The Art and Life of Francis Hewlett
Head of Painting at Falmouth School of Art from 1960 to 1981, Francis Hewlett (1930–2012) remained a figurative artist, exploring what he called the ‘essential geometry’ of observed objects, despite the prevailing fashions of the period. Including over 200 paintings and drawings, this biography charts his lifelong dedication to art, from his early studies in Bristol, London and Paris to his completion of a major series of paintings in the late 20th and early 21st centuries.
1837 to the Present
Now a major reference work on Scottish art, Hardie's book was the first comprehensive study devoted to Scottish painting. Revised and updated in this third edition, the book traces the history of painting in Scotland and discusses its major artists since 1837, with emphasis on the period from about 1860 to 1914 and three important groups: William McTaggart and his contemporaries; the Glasgow School and Charles Rennie Mackintosh; and JD Fergusson and the Scottish Colourists. With 150 colour reproductions.
The Marine Paintings of Smitheman
An experienced hobby sailor, painter Francis Smitheman brings his own sense of the sea as well as extensive historical research and a profound respect for the classical masters to his maritime pictures. This collection of his oil paintings, completed over a period of 30 years, contains a series of pictures of Nelson’s battles, scenes from the Pool of London in the age of sail, polar exploration vessels and imagined historic scenes at famous ports.
The world of fantasy artists Boris Vallejo and Julie Bell is one of muscle-bound heroes, beautiful - and also muscle-bound - women, dragons and monsters in other-worldly and often violent landscapes. In this volume the two artists present 145 reproductions of recent, previously unpublished images, and chapters telling their own stories and discussing elements of their art. With the book, inside the back cover, there is a set of ten limited edition art prints.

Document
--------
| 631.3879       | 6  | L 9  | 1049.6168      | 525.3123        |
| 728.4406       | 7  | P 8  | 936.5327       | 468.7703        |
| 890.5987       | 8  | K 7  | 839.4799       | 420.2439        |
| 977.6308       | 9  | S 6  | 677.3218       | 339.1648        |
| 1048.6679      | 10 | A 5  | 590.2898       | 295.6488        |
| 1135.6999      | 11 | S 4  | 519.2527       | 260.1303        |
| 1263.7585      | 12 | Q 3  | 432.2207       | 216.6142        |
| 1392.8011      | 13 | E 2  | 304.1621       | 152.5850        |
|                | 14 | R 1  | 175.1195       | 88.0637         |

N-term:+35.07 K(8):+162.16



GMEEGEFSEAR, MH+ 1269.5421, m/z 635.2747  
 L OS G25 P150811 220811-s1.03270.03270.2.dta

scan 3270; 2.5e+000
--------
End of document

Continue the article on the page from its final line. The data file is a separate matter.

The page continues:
Painting the Toon
Geordie painter John Coatsworth stumbled across his signature style in 1997 when he made a sketch of St James's Park stadium, bending the shapes and perspective to create vibrancy, rhythm and flow. His subsequent vibrantly coloured 'curvation' paintings quickly gained local commissions and an army of fans through cards and prints. This retrospective collection includes early works in different styles as well as his popular paintings of Newcastle and the North East.
Drawings and Oil Sketches by a Modern Kentish Master
Christopher Alexander studied at the Royal College of Art, became a teacher and produced a vast body of work, specializing in figure drawing. This volume, compiled by his son, comprises a biography and over 150 sketches, portraits and landscapes.
As a figurative artist, Graham Dean (b.1951) regards the body as ‘a holding pen for the emotions’ and aims to communicate his subjects’ inner life through his large-scale and very distinctive watercolours. James Attlee draws on conversations with the artist to provide a full, yet succinct introduction to Dean’s life and work, accompanying over 150 reproductions that follow his artistic career from realist, post-Pop acrylic paintings to the life-size watercolour depictions of the human body.
New World View
Inaugurated by the German architect Walter Gropius in 1919, the Bauhaus became one of the most important art and design movements of the early 20th century, extending its influence far beyond architecture. In this lavishly illustrated book, Robinson explores the Bauhaus aesthetic in architecture, furniture and product design, and in the realm of fine art, notably the paintings of Kandinsky and Klee; finally, he looks at how Bauhaus ideals informed work in glass, ceramics and weaving, printing, photography and stage design.
In the Studio
Artists of the 20th Century in Private and at Work
From its first issue in March 1949, Paris Match magazine has run features on artists, 'eavesdropping' on painters and sculptors as they worked in their studios or relaxed in private.This volume opens the magazine's photographic archive to present almost 150 photographs, including portraits of artists, their models and a whole chapter devoted to Chagall at work on the Opéra Garnier ceiling in 1964, as well as the revealing images of artists making art and posing with their finished works.
Now in his self-proclaimed 'late period', the veteran pop artist Peter Blake remains as inventive and prolific as ever. In this enchanting book, he revisits a city that first captivated his imagination in the 1950s, embellishing a series of vintage postcards to produce scenes of magical, surreal beauty. The book is introduced by an interview in which the artist describes his lifelong fascination with collage, while each of the 28 images is accompanied by his wry commentary.